Targeted Exercises for Strength & Balance
When trying to reach peak physical fitness and prevent sports-related injuries, an often overlooked area of concern is the ankle.
In fact, unless you’re actually experiencing pain, it’s easy to forget what a huge role the muscles supporting the ankles play in practically all physical activity.
As one of the body’s most major weight-bearing structures, the musculature of the ankle affects the ability to perform activities like running, jumping, and balancing, as well as the likelihood of developing a variety of lower leg injuries, such as ankle sprains and strains, shin splints, Achilles heel tendonitis, and associated discomfort in the calf and foot. Having strong ankles can also reduce the likelihood of painful rolling of the joint from falls, slips, and trips, and improper landings, that, once they occur, are more likely to happen again.
The multiple muscles that cross the ankle work together (or not) to enhance mobility as well as stability, so it’s important to regularly challenge them for strength and balance.
While often the appropriate ankle exercise depends on the athlete’s preferred activity and current pain situation, there are many helpful exercises you can easily add to your routine. Aim to do three sets of 10 reps each, even if you have to work up to that.
Standing Heel Raises
This one is as easy as it sounds. Stand with your feet hip-width distance apart in front of a counter, banister, or other stabilizing surface and slowly raise yourself onto the balls of your feet and back down. This should be a controlled movement to fully lengthen and contract the muscles of the ankles and calves.
Start by standing on one foot on a hard, stable surface for 30 seconds at a time. If that proves to be too easy, move to a carpeted area or another soft surface to increase the challenge, eventually trying to stand one-footed on a balance board, Bosu ball, or another less stable surface. Additional challenges include tossing and catching a ball in the air while balancing one-footed, or tossing a ball to and from a workout partner while in the same position. It is common to have better balance on one foot than the other. If this is the case with you, work the less stable foot for an additional set.
This one adds some intensity but is great for strengthening not only the ankles but the hamstrings, quads, and glutes as well. Standing with your feet hip-width apart, slowly lower to a full squat, and then jump straight up with fully extended legs and pointed toes before landing again in a squat position. This can also be done on a balance board or ball without actually leaving the ground. Just push up with force from a full squat to a standing position while working to maintain balance.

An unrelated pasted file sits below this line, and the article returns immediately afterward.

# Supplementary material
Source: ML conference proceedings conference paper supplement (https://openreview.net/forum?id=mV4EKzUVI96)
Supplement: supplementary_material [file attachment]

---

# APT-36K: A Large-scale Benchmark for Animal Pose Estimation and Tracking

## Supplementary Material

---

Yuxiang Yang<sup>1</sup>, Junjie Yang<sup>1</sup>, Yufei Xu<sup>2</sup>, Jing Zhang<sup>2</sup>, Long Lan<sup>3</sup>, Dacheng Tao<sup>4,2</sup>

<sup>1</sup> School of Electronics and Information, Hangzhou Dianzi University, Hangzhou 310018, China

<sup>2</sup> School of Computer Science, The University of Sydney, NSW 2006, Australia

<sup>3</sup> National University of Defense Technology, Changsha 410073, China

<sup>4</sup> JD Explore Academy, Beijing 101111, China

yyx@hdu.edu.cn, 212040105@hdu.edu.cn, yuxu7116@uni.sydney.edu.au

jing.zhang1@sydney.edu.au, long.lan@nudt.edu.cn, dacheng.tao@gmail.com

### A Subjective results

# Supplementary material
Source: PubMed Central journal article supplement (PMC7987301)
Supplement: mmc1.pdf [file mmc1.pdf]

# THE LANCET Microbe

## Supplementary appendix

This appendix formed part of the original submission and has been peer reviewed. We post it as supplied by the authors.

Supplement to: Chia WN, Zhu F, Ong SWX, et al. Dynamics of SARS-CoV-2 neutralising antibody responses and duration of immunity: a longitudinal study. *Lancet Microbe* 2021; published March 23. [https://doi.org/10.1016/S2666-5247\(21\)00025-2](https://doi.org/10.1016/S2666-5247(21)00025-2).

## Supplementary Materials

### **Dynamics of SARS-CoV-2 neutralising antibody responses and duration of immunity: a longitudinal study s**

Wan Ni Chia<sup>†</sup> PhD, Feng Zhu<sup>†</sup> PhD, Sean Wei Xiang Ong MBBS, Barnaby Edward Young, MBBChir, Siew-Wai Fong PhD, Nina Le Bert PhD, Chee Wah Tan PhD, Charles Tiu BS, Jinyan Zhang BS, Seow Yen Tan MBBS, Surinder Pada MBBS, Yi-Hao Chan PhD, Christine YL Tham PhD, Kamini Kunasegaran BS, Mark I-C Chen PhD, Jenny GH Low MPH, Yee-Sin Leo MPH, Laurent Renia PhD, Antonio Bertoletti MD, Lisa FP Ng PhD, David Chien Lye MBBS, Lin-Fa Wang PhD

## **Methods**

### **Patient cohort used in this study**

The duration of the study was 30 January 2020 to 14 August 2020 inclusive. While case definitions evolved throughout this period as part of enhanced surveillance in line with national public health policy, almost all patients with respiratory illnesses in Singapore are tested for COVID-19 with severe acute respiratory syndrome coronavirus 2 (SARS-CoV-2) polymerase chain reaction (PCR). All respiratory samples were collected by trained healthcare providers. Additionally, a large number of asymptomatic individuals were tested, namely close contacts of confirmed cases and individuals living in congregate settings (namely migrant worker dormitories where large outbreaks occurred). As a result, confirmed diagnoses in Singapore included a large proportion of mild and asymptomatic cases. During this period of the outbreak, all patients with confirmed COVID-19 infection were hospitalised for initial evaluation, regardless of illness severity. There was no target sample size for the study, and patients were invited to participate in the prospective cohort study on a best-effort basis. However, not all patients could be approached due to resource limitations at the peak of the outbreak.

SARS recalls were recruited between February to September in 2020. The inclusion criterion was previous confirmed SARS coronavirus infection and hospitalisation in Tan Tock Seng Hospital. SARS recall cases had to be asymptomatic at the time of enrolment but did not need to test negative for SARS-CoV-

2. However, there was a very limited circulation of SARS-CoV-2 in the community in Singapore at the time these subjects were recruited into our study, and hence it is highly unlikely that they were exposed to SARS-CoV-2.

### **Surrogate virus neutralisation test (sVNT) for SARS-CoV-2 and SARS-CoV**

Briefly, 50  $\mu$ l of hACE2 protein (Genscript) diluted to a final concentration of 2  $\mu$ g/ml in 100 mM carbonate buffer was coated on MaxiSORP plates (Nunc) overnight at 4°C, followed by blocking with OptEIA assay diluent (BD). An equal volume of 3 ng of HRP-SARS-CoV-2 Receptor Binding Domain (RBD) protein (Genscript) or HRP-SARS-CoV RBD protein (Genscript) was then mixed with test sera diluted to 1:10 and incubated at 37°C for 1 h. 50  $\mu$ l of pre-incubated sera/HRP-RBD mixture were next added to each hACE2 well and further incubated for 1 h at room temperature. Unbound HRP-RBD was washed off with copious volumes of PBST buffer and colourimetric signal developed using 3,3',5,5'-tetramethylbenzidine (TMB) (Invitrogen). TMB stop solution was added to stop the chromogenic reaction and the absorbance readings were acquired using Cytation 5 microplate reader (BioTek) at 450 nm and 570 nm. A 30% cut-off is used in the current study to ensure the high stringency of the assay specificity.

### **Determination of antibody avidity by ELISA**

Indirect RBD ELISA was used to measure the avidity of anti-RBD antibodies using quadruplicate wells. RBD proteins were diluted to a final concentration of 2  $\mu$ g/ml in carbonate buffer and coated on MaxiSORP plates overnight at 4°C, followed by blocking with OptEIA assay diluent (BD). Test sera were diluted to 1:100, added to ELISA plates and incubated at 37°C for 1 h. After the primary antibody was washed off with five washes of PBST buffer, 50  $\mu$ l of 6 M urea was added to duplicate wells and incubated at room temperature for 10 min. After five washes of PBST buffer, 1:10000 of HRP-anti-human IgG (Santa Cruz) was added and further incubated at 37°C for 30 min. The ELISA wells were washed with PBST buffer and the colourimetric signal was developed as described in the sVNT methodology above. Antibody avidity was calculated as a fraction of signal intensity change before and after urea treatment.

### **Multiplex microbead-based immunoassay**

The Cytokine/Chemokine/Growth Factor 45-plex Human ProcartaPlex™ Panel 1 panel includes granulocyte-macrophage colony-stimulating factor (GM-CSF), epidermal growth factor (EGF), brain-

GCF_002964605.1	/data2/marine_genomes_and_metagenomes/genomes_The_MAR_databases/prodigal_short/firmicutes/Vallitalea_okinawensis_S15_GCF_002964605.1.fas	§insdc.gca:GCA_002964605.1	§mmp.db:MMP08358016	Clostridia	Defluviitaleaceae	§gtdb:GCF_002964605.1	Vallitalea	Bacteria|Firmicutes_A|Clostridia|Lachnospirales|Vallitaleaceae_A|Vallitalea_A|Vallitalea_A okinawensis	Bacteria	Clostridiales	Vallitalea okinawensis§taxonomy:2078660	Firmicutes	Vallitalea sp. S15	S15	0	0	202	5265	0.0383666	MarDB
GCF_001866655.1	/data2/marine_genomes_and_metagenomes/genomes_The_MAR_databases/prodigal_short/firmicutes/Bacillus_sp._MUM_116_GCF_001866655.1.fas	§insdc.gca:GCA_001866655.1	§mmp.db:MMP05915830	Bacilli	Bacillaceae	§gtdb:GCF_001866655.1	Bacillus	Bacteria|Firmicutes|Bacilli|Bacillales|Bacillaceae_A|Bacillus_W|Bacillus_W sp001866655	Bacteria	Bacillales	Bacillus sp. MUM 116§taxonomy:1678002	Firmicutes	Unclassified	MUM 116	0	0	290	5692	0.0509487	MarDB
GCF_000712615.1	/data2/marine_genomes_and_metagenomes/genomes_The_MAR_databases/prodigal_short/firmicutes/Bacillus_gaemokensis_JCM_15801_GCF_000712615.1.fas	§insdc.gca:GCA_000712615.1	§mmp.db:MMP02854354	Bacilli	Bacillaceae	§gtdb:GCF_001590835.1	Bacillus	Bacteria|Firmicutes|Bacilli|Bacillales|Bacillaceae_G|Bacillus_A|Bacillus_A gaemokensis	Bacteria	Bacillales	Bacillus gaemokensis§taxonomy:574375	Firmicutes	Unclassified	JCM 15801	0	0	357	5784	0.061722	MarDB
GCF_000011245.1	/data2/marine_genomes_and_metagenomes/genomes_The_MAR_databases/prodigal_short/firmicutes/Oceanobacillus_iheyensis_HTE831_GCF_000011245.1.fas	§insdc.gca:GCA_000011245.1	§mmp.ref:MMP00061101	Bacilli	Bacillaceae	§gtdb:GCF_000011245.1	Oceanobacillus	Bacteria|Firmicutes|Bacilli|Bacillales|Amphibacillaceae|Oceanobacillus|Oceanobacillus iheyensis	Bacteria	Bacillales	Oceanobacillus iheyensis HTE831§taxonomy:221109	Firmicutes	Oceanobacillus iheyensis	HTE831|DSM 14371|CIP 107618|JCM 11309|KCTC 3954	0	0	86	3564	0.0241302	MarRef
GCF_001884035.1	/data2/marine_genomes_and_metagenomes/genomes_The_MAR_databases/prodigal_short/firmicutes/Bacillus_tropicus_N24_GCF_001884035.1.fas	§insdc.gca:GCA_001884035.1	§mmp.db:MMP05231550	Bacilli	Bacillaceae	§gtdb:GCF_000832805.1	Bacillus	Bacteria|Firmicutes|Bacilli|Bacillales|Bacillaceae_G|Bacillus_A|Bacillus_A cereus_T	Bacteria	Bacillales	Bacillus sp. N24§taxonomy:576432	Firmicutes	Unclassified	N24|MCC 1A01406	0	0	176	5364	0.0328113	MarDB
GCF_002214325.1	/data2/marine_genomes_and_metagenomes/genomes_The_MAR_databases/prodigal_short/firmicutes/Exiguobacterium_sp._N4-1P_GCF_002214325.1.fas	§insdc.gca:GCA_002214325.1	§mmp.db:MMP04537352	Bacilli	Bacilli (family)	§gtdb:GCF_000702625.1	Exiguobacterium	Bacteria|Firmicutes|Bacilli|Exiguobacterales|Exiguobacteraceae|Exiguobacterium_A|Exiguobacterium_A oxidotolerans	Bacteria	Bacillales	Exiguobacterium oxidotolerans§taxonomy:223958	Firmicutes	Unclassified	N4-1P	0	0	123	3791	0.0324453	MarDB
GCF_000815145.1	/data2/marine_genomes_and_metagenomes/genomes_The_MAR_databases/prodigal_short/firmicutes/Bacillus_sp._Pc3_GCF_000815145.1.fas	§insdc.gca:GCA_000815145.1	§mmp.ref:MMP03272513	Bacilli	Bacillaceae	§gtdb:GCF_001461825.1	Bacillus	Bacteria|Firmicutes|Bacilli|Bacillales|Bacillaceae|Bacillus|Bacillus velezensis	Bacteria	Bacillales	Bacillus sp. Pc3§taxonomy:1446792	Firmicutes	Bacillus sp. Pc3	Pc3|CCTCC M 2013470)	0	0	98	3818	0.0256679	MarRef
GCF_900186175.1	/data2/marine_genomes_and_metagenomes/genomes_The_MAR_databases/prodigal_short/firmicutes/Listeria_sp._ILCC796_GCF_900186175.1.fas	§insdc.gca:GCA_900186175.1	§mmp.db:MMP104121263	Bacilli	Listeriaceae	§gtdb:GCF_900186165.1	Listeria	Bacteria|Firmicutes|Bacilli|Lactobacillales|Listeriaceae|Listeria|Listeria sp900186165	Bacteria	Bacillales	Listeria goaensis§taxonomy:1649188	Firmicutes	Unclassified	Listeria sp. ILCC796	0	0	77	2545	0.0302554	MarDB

Rehabbing the Ankle
If you already have ankle pain, it’s important to begin with non-weight-bearing exercises that improve range of motion and mobility. These can be done while lying supine on the floor or on a mat.
With the resting leg bent and the foot flat on the floor, extend the working leg toward the ceiling. Slowly rotate the foot/ankle in a clockwise position 10 times, followed by a counter-clockwise rotation the same number of times. Switch legs and repeat.
With the legs stretched out in front of you, point the toes with intention, holding the position for two-five seconds before relaxing again.
Follow that by a series of foot flexes, pulling the toes back toward the nose and holding two-five seconds before relaxing.
Lying on your back with your legs straight and hip-distance apart, engage the ankles muscles by rotating the ankles/feet inwards toward each other. Hold this inverted position for two-five seconds before relaxing.
In the same position, evert your ankles by turning them away from each other, holding the outward turned position for several seconds before relaxing.
While ankle pain is common with many athletes, if you have constant or recurring ankle pain there may be something bigger going on. Improper body alignment, myofascial dysfunction near the ankle muscles, or undiagnosed injuries should be addressed before starting or continuing a targeted exercise program. If you are experiencing ankle pain in spite of regular strengthening and balance work, contact Dynamic Sports Medicine for evaluation.